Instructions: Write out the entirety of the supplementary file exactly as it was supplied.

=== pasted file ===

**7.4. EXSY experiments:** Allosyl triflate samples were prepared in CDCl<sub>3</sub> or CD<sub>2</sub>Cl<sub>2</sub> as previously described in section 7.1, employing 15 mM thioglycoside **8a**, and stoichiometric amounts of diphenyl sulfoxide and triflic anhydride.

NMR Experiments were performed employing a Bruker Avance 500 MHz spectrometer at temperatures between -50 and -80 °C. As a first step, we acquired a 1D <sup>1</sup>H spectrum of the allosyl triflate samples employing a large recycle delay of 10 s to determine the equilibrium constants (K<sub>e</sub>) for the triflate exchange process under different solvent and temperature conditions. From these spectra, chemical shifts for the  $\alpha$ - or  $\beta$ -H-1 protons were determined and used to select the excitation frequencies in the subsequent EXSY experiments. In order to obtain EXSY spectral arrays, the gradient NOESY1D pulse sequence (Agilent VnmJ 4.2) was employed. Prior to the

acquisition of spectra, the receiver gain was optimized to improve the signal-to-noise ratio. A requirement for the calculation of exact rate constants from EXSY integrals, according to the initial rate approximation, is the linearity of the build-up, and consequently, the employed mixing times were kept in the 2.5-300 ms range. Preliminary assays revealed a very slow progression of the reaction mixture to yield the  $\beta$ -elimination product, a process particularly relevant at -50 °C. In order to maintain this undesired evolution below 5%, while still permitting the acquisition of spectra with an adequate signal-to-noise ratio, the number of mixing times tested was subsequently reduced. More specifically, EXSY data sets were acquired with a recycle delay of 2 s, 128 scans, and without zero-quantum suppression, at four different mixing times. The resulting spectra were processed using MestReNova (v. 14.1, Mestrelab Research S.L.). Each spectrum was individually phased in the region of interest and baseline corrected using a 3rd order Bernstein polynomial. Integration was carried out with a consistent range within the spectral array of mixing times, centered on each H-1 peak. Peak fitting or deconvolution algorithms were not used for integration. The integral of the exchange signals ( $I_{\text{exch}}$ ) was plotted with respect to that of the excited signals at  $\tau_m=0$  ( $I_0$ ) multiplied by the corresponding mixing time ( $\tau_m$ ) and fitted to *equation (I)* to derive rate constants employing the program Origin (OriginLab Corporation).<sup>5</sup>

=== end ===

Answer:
**7.4. EXSY experiments:** Allosyl triflate samples were prepared in CDCl<sub>3</sub> or CD<sub>2</sub>Cl<sub>2</sub> as previously described in section 7.1, employing 15 mM thioglycoside **8a**, and stoichiometric amounts of diphenyl sulfoxide and triflic anhydride.

NMR Experiments were performed employing a Bruker Avance 500 MHz spectrometer at temperatures between -50 and -80 °C. As a first step, we acquired a 1D <sup>1</sup>H spectrum of the allosyl triflate samples employing a large recycle delay of 10 s to determine the equilibrium constants (K<sub>e</sub>) for the triflate exchange process under different solvent and temperature conditions. From these spectra, chemical shifts for the  $\alpha$ - or  $\beta$ -H-1 protons were determined and used to select the excitation frequencies in the subsequent EXSY experiments. In order to obtain EXSY spectral arrays, the gradient NOESY1D pulse sequence (Agilent VnmJ 4.2) was employed. Prior to the

acquisition of spectra, the receiver gain was optimized to improve the signal-to-noise ratio. A requirement for the calculation of exact rate constants from EXSY integrals, according to the initial rate approximation, is the linearity of the build-up, and consequently, the employed mixing times were kept in the 2.5-300 ms range. Preliminary assays revealed a very slow progression of the reaction mixture to yield the  $\beta$ -elimination product, a process particularly relevant at -50 °C. In order to maintain this undesired evolution below 5%, while still permitting the acquisition of spectra with an adequate signal-to-noise ratio, the number of mixing times tested was subsequently reduced. More specifically, EXSY data sets were acquired with a recycle delay of 2 s, 128 scans, and without zero-quantum suppression, at four different mixing times. The resulting spectra were processed using MestReNova (v. 14.1, Mestrelab Research S.L.). Each spectrum was individually phased in the region of interest and baseline corrected using a 3rd order Bernstein polynomial. Integration was carried out with a consistent range within the spectral array of mixing times, centered on each H-1 peak. Peak fitting or deconvolution algorithms were not used for integration. The integral of the exchange signals ( $I_{\text{exch}}$ ) was plotted with respect to that of the excited signals at  $\tau_m=0$  ( $I_0$ ) multiplied by the corresponding mixing time ( $\tau_m$ ) and fitted to *equation (I)* to derive rate constants employing the program Origin (OriginLab Corporation).<sup>5</sup>